Recommendation 4

For spaces where aerosol-generating procedures associated with pathogen transmission are conducted, the natural ventilation requirement should, as a minimum, follow Recommendation 2. Should the agent be airborne, Recommendations 2 and 3 should be followed.

Population: Health-care settings

Intervention: Room ventilation for spaces with aerosol-generating procedures

FactorDecisionExplanation
Quality of evidenceVery lowThere is indirect evidence available to show that aerosol-generating procedures are associated with an increased risk of infection and ventilation may play a role.
Benefits or desired effectsModerate (benefits sometimes outweigh disadvantages)Possibly reduced infection risk.
Disadvantages or undesired effectsReduces comfort level of occupants when hot, humid, or cold.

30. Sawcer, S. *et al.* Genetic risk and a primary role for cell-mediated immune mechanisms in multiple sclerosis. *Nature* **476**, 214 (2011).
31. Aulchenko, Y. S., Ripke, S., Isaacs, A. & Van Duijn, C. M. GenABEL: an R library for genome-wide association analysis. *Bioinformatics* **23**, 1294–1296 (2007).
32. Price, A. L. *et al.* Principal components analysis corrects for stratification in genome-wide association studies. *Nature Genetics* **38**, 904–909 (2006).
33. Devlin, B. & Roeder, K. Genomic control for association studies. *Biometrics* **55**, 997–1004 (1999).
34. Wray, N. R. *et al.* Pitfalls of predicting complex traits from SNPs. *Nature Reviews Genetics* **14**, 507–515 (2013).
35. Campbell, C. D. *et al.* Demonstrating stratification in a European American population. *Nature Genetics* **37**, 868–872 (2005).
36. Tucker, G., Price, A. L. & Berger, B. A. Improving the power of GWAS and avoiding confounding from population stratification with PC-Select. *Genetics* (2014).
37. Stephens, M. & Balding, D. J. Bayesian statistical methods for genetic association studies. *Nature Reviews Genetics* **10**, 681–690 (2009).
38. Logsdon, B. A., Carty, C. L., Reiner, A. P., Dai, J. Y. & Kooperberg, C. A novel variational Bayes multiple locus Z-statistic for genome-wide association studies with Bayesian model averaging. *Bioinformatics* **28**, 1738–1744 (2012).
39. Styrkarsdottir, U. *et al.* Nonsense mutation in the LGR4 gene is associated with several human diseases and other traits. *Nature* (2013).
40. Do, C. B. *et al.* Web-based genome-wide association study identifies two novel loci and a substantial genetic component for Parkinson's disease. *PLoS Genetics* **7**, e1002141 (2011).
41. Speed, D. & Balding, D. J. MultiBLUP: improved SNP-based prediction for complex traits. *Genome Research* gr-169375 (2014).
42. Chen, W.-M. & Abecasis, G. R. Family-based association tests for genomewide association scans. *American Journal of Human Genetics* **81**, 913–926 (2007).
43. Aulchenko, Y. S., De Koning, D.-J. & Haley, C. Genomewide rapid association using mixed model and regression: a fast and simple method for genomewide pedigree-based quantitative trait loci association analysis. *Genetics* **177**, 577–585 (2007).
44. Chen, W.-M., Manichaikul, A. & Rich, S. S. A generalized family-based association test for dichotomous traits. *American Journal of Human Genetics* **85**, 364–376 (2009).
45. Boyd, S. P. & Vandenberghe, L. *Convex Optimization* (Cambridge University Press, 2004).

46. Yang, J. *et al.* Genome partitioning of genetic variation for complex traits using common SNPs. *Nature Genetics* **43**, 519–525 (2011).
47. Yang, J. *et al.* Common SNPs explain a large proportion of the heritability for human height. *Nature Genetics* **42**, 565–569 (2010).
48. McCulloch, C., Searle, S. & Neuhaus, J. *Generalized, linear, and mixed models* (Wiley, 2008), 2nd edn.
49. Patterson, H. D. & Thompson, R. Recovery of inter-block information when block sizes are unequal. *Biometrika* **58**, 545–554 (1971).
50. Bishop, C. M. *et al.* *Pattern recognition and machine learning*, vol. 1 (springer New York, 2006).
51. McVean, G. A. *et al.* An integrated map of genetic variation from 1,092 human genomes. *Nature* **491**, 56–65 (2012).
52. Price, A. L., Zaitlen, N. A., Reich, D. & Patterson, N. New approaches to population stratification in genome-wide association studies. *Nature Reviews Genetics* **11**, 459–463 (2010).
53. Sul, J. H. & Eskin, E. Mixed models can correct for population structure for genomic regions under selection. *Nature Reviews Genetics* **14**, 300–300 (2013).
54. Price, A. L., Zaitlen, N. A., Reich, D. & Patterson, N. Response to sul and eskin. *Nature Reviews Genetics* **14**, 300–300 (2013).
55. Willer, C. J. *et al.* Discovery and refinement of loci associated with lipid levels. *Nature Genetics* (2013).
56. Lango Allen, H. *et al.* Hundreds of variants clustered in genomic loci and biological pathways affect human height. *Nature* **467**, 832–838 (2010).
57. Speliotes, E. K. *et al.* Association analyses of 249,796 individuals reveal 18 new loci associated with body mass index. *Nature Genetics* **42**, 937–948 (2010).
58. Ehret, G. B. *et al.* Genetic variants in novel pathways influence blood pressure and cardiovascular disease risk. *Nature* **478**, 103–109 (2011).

CostsMay be low and highLow cost if simple natural ventilation is used. Can be higher if a hybrid (mixed-mode) ventilation system or high-tech natural ventilation is used.
FeasibilityConditional to country settingsNatural ventilation is less feasible in extreme climates (extreme cold, hot, noisy, polluted).
Overall rankingCONDITIONAL RECOMMENDATION
Research gapThere is a need to determine the minimum ventilation requirements for natural ventilation in terms of variable ventilation rate and airflow direction control for aerosol-generating procedures.

From: Annex B, Recommendation GRADE appraisal tables (GRADE system)

Cover of Natural Ventilation for Infection Control in Health-Care Settings
Natural Ventilation for Infection Control in Health-Care Settings.
Atkinson J, Chartier Y, Pessoa-Silva CL, et al., editors.
Copyright © 2009, World Health Organization.

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